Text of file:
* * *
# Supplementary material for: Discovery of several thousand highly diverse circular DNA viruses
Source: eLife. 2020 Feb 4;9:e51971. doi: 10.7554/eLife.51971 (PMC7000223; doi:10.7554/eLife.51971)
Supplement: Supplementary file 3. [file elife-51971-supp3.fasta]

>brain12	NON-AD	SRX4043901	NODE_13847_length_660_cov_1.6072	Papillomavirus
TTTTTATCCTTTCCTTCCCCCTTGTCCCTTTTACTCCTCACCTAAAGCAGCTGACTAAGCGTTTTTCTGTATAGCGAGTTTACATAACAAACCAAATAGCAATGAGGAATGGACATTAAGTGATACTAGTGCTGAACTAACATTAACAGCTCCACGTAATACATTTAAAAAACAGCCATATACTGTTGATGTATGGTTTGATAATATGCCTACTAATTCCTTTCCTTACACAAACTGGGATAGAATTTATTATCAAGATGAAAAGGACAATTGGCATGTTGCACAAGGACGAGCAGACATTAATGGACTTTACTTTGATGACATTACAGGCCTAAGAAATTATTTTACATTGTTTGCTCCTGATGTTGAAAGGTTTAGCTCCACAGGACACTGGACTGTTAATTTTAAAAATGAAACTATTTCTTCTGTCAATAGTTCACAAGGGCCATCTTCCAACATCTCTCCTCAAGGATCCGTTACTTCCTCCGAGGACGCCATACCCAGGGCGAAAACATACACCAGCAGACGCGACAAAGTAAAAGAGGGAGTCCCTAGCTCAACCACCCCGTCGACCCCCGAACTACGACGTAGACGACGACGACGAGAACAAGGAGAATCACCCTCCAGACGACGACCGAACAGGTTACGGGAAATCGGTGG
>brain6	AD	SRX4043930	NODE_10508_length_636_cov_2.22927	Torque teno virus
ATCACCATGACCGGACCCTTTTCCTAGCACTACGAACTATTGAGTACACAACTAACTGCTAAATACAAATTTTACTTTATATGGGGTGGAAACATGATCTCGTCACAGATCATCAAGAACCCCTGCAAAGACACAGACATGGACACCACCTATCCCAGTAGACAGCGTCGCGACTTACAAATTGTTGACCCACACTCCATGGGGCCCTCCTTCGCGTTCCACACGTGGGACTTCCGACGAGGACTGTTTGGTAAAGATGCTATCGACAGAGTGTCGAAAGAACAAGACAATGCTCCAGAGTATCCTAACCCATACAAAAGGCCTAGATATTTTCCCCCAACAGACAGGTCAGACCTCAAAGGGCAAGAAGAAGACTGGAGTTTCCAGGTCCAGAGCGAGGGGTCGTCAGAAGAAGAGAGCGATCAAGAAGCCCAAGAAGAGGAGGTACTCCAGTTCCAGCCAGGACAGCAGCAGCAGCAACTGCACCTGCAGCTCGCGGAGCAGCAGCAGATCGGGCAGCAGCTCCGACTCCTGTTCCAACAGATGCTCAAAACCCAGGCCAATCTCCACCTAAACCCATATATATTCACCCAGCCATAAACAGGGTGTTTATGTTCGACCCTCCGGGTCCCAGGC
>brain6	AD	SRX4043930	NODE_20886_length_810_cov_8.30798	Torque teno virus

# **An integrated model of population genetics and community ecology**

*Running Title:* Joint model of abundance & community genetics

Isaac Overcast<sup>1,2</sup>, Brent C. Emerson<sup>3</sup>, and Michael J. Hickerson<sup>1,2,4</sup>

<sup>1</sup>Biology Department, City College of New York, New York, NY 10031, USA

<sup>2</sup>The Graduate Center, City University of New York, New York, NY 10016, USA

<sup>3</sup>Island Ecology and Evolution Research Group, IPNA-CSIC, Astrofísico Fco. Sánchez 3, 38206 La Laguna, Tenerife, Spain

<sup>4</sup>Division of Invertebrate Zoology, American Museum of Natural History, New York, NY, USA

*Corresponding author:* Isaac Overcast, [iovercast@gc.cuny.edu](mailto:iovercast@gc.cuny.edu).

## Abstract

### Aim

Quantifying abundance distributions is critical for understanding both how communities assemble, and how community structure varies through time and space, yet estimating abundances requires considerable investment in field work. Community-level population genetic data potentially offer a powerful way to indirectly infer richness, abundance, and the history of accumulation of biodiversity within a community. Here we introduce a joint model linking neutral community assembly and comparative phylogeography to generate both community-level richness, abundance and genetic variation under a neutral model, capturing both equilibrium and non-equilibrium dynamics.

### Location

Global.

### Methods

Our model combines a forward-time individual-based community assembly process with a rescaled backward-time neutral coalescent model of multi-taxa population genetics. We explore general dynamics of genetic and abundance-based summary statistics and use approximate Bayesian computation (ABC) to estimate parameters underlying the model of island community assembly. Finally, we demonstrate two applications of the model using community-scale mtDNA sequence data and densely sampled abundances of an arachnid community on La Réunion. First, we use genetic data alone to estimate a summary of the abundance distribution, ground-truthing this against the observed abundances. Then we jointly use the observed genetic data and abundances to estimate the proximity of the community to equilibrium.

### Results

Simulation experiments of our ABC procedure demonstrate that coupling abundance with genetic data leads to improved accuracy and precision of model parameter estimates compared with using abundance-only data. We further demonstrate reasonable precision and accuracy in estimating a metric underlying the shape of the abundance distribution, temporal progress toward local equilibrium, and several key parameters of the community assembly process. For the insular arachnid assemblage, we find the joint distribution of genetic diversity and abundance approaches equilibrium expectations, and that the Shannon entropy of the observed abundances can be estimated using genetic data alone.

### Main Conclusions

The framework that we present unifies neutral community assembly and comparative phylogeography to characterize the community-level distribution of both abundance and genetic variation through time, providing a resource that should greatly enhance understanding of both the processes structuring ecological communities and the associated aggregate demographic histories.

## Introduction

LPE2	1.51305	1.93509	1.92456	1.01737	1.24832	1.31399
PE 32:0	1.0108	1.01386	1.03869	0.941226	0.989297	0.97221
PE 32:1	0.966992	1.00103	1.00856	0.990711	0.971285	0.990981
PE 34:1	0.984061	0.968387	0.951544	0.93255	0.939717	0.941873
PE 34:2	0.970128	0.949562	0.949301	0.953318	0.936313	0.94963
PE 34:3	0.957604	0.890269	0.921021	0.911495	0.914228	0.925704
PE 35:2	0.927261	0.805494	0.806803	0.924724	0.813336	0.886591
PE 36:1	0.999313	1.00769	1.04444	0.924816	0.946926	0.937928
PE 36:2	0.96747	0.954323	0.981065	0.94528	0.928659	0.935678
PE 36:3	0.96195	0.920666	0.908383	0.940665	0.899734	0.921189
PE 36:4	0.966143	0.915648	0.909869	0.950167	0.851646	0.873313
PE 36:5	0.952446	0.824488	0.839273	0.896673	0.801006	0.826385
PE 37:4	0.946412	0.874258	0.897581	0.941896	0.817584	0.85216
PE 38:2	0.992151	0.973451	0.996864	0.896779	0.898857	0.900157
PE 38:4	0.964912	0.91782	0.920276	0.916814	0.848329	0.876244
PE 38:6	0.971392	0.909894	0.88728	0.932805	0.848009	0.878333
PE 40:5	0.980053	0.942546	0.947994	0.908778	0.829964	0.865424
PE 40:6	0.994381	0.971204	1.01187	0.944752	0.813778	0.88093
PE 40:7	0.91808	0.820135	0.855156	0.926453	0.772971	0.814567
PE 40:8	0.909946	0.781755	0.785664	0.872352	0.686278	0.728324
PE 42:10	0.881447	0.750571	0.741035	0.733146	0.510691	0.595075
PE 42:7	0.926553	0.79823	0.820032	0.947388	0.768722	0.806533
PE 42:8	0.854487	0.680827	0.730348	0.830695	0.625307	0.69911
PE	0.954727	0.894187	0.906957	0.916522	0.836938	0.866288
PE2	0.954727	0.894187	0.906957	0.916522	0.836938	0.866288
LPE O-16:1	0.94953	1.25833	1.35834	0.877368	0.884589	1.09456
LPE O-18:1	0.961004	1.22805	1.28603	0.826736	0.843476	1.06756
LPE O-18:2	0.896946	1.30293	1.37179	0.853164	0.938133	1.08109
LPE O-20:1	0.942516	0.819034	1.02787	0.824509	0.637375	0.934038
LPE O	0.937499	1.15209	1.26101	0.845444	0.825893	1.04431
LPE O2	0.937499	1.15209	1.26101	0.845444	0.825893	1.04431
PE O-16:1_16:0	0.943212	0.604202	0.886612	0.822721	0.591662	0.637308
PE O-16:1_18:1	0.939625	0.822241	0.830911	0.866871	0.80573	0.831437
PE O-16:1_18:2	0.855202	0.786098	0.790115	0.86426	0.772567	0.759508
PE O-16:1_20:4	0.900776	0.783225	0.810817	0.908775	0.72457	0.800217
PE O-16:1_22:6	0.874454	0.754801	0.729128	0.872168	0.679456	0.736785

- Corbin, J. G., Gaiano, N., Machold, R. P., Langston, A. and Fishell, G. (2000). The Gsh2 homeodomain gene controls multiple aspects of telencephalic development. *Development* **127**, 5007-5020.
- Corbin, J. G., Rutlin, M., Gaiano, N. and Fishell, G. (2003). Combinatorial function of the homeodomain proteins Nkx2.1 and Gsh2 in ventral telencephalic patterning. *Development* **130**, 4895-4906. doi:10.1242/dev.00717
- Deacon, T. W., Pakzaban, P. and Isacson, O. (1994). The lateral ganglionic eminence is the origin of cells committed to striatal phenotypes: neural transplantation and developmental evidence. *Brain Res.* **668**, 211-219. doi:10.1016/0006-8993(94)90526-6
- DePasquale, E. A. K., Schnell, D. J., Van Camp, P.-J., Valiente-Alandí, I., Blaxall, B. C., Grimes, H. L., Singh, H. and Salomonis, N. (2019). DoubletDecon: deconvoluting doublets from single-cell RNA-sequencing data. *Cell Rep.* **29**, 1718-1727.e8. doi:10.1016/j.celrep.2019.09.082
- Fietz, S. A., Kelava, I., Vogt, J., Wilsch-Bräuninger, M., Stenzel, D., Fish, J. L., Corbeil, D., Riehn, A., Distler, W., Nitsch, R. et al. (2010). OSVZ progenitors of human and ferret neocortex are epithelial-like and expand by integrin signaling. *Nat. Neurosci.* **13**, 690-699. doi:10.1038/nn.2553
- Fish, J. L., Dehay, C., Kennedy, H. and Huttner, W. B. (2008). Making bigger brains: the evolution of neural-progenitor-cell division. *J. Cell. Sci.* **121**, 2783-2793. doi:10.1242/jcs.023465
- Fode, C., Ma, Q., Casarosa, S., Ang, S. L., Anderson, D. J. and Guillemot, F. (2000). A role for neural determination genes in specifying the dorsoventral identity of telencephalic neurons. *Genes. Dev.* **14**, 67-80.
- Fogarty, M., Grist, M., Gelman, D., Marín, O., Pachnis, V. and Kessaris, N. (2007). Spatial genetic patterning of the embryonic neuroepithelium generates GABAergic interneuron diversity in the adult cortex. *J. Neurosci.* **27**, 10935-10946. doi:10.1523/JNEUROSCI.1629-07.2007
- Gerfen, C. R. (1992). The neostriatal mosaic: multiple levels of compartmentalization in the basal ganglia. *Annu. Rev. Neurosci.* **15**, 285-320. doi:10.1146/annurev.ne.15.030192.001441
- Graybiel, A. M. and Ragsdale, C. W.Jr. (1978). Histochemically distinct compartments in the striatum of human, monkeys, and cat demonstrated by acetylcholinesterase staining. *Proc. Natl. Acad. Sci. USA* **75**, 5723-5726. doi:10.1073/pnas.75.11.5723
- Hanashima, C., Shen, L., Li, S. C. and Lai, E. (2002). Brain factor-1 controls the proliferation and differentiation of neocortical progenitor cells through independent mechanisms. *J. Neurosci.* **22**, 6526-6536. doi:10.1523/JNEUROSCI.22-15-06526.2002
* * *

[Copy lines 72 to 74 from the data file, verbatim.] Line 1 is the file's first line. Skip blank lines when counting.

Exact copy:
- Fogarty, M., Grist, M., Gelman, D., Marín, O., Pachnis, V. and Kessaris, N. (2007). Spatial genetic patterning of the embryonic neuroepithelium generates GABAergic interneuron diversity in the adult cortex. *J. Neurosci.* **27**, 10935-10946. doi:10.1523/JNEUROSCI.1629-07.2007
- Gerfen, C. R. (1992). The neostriatal mosaic: multiple levels of compartmentalization in the basal ganglia. *Annu. Rev. Neurosci.* **15**, 285-320. doi:10.1146/annurev.ne.15.030192.001441
- Graybiel, A. M. and Ragsdale, C. W.Jr. (1978). Histochemically distinct compartments in the striatum of human, monkeys, and cat demonstrated by acetylcholinesterase staining. *Proc. Natl. Acad. Sci. USA* **75**, 5723-5726. doi:10.1073/pnas.75.11.5723